YAOUNDÉ, Cameroon – Malawi’s bishops have urged the country’s politicians to keep Pope Francis out of “petty politics.”
The statement from the bishops’ conference came after Hophmally Makande, an official of the ruling Democratic Progressive Part, said those urging 79 –year-old President Peter Mutharika to resign should also ask Pope Francis, who is 81, to step down.
“Some of you are criticizing and speaking bad that President Peter Mutharika is old… is the pope a ten-year-old… is the pope a ten-year-old? Between the pope and Peter who is older? Isn’t it the pope … why does he not resign then? I am not despising the Church. But leave our president alone,” Makande told a campaign rally in Blantyre.
In a Sept. 13 statement the bishops said: “We call upon all political leaders, those governing and those in the opposition, to desist from dragging the name of the Holy Father into petty party politics.”
“The attack on the Holy Father, Pope Francis, is an attack on the whole Church that is, One Holy Catholic and Apostolic.”
Nearly 20 percent of the southern African country’s population is Catholic, the largest single religious group.
Senior officials of the ruling party failed to immediately condemn the statement, but a young party operative, Leonard Chibanga, chastised Makande on his Facebook page.
“As someone born Catholic and his family is still Catholic, I find these remarks horrifying, stupid, uncalled for. I am surprised no one condemned him right there and then considering that there were Catholics in attendance at the same podium,” he wrote.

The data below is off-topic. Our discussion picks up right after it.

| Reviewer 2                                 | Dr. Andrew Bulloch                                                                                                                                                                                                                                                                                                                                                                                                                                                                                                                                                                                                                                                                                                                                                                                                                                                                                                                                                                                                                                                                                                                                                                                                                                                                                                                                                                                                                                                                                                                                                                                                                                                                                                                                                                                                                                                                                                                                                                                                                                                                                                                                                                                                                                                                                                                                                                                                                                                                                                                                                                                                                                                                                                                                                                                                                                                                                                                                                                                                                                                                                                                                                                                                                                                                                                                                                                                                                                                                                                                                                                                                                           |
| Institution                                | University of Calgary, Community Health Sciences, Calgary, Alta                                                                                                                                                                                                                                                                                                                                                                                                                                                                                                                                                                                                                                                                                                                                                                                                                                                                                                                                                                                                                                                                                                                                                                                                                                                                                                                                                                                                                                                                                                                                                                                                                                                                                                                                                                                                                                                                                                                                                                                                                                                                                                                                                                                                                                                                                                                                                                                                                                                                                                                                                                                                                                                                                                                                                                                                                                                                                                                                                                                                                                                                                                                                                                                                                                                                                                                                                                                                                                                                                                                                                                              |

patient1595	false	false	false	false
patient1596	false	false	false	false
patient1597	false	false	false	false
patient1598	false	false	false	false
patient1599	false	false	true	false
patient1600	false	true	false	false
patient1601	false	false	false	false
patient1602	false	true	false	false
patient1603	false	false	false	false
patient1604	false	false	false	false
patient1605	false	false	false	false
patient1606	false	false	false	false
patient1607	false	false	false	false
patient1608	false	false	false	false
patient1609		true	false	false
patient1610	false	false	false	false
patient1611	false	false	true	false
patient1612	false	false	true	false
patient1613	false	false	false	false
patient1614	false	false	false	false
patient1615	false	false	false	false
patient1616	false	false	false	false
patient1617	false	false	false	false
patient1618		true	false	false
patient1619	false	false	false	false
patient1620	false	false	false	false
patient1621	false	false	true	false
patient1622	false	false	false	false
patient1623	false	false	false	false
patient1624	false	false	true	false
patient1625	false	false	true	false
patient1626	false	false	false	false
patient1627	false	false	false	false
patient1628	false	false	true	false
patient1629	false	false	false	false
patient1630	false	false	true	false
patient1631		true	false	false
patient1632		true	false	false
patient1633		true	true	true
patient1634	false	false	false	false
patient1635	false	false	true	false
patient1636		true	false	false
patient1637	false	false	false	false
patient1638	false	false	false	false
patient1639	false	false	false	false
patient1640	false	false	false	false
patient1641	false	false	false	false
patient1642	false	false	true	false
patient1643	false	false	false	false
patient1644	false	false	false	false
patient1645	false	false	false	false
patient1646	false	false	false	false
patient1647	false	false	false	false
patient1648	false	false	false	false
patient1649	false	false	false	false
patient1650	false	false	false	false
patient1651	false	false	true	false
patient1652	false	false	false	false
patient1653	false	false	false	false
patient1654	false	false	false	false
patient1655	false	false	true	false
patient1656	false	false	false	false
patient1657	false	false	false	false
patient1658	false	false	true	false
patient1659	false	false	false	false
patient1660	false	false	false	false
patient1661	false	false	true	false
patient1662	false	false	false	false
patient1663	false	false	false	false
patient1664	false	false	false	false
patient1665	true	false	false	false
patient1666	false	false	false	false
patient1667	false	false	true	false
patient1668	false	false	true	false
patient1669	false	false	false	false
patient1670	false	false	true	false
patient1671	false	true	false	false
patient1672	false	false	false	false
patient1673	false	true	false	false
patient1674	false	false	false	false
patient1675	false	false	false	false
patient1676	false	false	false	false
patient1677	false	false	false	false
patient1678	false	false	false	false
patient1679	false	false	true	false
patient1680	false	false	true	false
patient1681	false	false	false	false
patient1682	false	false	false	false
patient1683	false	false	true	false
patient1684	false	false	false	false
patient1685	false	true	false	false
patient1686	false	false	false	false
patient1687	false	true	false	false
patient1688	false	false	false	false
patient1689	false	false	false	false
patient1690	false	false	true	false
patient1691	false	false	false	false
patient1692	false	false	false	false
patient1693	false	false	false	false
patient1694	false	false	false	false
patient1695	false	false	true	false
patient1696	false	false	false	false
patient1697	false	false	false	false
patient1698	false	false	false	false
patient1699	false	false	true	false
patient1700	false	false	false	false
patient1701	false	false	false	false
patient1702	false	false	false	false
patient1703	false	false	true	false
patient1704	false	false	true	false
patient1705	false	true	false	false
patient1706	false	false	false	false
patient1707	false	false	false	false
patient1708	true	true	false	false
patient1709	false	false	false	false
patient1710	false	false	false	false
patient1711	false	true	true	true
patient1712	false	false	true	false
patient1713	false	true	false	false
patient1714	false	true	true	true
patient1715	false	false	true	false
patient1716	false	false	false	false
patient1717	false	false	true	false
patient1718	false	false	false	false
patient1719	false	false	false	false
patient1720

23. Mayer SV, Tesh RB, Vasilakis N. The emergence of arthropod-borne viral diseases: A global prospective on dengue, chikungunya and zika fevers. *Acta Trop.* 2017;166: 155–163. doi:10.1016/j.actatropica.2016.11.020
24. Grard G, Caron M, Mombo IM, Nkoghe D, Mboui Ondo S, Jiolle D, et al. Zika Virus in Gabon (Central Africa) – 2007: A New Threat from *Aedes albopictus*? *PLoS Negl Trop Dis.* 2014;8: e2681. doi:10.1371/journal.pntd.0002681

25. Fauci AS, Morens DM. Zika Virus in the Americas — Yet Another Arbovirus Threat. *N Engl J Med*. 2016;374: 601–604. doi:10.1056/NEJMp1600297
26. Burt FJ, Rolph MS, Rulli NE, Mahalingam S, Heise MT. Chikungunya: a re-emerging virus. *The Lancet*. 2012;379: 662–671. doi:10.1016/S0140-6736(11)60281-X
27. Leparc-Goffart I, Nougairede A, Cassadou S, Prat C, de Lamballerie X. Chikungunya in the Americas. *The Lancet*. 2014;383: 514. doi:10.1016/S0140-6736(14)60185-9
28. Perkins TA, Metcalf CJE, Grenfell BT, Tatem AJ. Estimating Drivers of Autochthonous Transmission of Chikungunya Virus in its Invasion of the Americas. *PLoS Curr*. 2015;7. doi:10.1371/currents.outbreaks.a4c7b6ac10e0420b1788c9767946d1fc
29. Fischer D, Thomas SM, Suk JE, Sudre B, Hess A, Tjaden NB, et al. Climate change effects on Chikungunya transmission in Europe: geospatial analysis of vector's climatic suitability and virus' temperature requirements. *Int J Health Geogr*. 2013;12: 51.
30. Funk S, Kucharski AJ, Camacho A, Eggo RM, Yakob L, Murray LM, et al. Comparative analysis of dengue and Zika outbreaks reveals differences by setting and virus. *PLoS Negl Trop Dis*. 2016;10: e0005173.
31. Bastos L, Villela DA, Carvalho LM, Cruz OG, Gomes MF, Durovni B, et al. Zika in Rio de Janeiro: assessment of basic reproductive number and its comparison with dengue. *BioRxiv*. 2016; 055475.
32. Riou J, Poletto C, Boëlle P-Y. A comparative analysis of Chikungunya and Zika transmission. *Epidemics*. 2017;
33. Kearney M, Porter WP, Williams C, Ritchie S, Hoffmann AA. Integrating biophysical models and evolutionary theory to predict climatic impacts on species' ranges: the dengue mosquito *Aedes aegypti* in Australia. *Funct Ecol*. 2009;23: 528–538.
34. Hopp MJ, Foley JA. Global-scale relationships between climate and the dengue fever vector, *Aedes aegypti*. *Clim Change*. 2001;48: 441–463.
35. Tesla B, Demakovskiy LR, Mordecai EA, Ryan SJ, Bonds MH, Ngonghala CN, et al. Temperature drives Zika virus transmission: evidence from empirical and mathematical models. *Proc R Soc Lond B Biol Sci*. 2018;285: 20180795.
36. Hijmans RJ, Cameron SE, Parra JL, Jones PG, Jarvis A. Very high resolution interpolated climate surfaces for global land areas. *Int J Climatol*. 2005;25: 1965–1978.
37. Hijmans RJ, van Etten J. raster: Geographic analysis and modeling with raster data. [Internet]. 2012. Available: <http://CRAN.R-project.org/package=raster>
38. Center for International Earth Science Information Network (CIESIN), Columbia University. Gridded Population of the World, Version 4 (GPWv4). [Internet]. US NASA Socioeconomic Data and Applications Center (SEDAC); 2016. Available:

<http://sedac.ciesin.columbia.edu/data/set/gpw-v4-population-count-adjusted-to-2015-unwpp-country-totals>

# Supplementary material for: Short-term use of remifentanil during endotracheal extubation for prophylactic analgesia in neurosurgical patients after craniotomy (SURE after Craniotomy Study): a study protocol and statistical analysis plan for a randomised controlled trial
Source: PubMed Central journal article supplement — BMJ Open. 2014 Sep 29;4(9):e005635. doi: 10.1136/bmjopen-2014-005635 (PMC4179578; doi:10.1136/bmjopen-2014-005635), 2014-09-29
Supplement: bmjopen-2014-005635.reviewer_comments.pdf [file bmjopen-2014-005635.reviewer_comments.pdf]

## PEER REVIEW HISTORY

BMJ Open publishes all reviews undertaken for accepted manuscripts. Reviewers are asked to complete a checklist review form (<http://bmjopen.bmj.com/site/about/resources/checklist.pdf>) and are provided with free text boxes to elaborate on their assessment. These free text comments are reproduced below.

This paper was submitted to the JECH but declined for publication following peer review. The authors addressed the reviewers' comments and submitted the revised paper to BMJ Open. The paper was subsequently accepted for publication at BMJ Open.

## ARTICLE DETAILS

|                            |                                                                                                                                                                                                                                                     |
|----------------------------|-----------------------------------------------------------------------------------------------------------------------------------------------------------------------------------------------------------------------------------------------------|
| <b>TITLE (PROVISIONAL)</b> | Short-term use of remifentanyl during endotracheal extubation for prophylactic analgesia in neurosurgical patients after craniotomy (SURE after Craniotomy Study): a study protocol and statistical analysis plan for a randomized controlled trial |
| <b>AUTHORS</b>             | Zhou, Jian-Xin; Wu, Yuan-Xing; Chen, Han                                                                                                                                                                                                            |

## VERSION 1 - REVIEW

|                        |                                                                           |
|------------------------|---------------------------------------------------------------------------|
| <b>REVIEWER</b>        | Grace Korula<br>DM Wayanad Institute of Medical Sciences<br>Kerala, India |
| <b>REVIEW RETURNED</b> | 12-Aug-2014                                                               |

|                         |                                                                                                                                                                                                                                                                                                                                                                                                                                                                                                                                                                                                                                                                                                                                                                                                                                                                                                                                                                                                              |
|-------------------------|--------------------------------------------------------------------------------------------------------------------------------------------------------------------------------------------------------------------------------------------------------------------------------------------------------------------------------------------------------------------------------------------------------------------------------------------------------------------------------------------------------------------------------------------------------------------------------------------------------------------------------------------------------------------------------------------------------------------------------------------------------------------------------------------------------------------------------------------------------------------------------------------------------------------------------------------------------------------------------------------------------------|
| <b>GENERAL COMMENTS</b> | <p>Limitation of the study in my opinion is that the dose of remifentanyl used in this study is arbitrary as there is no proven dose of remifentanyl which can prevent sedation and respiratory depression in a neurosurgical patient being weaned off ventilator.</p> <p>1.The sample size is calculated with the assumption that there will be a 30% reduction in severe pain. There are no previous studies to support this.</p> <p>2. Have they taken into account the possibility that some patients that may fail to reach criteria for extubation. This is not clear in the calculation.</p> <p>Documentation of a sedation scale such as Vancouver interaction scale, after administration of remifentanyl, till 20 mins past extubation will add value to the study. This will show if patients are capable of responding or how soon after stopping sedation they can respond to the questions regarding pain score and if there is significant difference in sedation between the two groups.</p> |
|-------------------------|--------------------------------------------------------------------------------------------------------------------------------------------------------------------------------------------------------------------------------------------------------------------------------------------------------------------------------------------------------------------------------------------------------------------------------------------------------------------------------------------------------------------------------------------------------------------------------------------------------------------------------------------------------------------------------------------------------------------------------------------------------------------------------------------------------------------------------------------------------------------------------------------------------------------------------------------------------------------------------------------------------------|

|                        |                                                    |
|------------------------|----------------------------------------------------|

“Religion is a line you don’t cross regardless of how desperate you want to seek to appease the appointing authority…If you want to resuscitate your career, find other means but this one is a no-go zone,” he said.
The papal reference comes after the bishops seemed to urge Mutharika not to run for re-election in the May 21, 2019 poll, when he would be 80.
In an April 29 pastoral letter, the bishops called for a new era for Malawi in the leadup to the election.
“We are of the opinion that Malawi as a nation needs a change of direction if we are to reverse the situation. We mean a total change in the way of doing things other than business as usual,” they wrote.
“This entails a change of mindset leading to a new era of fairness and justice for all.”
Mutharika only came to power in 2014, but has since come under fire for alleged corruption. Last April, thousands of Malawians took to the streets, calling on the president to resign.
The British newspaper The Times had earlier accused the president of “rack[ing] up a five-star hotel bill in Scotland large enough to feed hundreds of African children for a year.”
Malawi is one of the world’s poorest countries and 74 percent of its 15 million people live below the poverty line.
Mutharika himself recognizes this, noting that the country’s poverty is a result of the choices “we have made over the last few decades.”
The bishops have encouraged Catholics to take an active role in politics, to bring needed change in the way the country’s affairs are managed.
“We wish to reiterate that while the Church encourages Catholics to take an active role in politics, we the Catholic bishops in Malawi cannot and shall not support or endorse any particular politician or political party,” the bishops wrote in their Sept. statement.
They urged Malawians to register and vote in next year’s elections, noting that “voting in such elections is not only a right but also an obligation of every eligible Malawian.”
The bishops called for political and religious tolerance, saying that should prevent politicians from dragging the Church into petty politics.
“We call for mutual respect and understanding, tolerance and peaceful coexistence among people of different religions in the country for the benefit of all so that together we can preserve and promote peace, liberty and moral values,” the statement said.
The bishops also said the only political interest of the Catholic Church is to “foster unity and charity among individuals” and to work continuously “in pursuit of interfaith dialogue, promotion of the common good and rule of law, respect for human rights and human dignity.”